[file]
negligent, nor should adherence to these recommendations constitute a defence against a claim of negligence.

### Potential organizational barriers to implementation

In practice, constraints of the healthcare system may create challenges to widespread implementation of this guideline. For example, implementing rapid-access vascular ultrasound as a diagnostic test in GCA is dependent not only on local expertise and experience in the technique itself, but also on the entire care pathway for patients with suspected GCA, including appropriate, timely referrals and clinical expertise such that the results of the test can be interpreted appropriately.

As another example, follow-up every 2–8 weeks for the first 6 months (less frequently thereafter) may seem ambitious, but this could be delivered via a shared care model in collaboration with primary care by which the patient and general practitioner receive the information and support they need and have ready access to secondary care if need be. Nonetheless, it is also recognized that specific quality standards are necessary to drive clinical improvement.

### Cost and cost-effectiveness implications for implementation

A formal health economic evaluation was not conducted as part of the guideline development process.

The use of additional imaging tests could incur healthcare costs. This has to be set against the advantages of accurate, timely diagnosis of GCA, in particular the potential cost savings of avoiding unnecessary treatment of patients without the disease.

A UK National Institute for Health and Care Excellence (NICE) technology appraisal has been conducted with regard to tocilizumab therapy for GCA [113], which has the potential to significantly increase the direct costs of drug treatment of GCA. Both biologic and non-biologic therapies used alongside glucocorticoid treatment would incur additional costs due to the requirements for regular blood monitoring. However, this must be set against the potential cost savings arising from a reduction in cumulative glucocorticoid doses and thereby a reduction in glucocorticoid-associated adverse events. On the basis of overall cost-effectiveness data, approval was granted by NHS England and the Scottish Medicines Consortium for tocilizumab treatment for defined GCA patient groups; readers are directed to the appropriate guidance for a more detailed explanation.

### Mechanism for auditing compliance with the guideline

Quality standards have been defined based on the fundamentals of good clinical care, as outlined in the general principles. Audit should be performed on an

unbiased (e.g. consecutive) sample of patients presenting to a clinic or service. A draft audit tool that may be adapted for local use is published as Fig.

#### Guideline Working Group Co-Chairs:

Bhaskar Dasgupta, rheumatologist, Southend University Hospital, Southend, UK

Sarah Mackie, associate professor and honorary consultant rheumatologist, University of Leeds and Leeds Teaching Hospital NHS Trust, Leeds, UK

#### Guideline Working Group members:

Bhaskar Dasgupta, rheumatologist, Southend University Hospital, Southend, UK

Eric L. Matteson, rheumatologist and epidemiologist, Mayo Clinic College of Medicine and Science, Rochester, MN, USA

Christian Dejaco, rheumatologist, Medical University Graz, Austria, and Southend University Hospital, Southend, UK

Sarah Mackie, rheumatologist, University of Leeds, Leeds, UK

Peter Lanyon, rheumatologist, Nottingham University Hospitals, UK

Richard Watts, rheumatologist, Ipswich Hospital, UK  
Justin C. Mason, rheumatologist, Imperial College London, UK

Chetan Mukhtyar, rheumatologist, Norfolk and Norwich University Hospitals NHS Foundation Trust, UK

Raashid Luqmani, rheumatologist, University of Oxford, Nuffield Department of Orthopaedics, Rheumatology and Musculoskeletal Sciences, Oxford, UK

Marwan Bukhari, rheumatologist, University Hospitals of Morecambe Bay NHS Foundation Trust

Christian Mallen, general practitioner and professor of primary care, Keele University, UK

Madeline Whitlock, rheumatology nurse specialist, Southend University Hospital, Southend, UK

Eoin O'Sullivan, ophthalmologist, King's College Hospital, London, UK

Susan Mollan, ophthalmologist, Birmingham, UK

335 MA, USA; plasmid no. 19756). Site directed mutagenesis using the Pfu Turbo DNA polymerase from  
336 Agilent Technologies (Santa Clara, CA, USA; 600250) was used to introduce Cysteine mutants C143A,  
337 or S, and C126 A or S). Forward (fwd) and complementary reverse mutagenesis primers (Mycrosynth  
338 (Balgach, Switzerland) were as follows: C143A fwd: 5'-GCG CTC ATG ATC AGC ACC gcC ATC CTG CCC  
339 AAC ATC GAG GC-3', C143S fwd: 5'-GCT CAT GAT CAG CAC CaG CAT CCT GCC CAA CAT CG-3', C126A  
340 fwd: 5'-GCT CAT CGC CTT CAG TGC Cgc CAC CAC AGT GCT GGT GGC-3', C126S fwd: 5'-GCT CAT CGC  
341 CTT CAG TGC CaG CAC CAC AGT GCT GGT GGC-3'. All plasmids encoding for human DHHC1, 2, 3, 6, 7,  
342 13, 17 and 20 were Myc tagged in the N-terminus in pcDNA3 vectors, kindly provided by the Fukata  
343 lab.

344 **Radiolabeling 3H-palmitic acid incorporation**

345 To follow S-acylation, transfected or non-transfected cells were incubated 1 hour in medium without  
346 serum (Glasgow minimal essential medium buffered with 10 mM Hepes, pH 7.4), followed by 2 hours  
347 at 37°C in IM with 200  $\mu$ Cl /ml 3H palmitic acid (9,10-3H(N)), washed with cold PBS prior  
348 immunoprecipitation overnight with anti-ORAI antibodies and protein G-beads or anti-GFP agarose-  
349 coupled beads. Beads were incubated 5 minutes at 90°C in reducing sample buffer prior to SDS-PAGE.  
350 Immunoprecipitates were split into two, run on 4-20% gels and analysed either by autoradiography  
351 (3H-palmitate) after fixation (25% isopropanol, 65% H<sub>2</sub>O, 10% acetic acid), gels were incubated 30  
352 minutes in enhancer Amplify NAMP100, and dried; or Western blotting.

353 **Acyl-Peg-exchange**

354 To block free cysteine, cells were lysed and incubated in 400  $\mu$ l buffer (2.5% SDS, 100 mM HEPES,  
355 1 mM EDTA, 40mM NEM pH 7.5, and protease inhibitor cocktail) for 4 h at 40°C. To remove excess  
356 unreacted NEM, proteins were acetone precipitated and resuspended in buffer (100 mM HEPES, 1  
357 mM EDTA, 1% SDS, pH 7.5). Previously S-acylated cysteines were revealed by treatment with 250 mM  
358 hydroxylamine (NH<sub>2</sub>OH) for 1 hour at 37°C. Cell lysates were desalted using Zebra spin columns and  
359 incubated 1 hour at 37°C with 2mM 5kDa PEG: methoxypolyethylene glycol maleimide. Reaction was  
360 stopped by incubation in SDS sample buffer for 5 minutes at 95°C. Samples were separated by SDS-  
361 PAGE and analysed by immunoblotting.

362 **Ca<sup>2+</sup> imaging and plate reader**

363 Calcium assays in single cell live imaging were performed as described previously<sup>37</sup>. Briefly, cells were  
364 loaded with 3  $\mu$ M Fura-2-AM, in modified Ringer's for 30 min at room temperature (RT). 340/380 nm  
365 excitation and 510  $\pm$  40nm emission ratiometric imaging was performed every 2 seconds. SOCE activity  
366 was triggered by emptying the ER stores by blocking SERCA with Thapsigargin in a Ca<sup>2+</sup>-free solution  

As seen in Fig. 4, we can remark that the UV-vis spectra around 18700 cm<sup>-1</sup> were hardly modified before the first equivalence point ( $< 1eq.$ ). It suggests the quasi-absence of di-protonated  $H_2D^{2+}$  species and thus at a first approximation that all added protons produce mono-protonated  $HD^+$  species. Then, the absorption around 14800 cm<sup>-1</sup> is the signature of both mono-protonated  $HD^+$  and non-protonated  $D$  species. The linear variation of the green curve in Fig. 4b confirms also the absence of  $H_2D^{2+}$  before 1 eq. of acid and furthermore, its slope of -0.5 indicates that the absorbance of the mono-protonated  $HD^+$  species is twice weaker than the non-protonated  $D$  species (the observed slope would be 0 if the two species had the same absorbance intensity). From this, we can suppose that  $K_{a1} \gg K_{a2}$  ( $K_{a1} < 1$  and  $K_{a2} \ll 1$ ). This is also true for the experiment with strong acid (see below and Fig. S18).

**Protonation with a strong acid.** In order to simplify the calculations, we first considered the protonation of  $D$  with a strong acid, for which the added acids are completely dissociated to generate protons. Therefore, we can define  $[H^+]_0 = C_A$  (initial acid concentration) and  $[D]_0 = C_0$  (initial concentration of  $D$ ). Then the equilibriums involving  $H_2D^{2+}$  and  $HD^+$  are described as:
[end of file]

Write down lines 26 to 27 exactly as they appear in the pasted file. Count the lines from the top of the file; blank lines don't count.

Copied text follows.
Christian Mallen, general practitioner and professor of primary care, Keele University, UK

Madeline Whitlock, rheumatology nurse specialist, Southend University Hospital, Southend, UK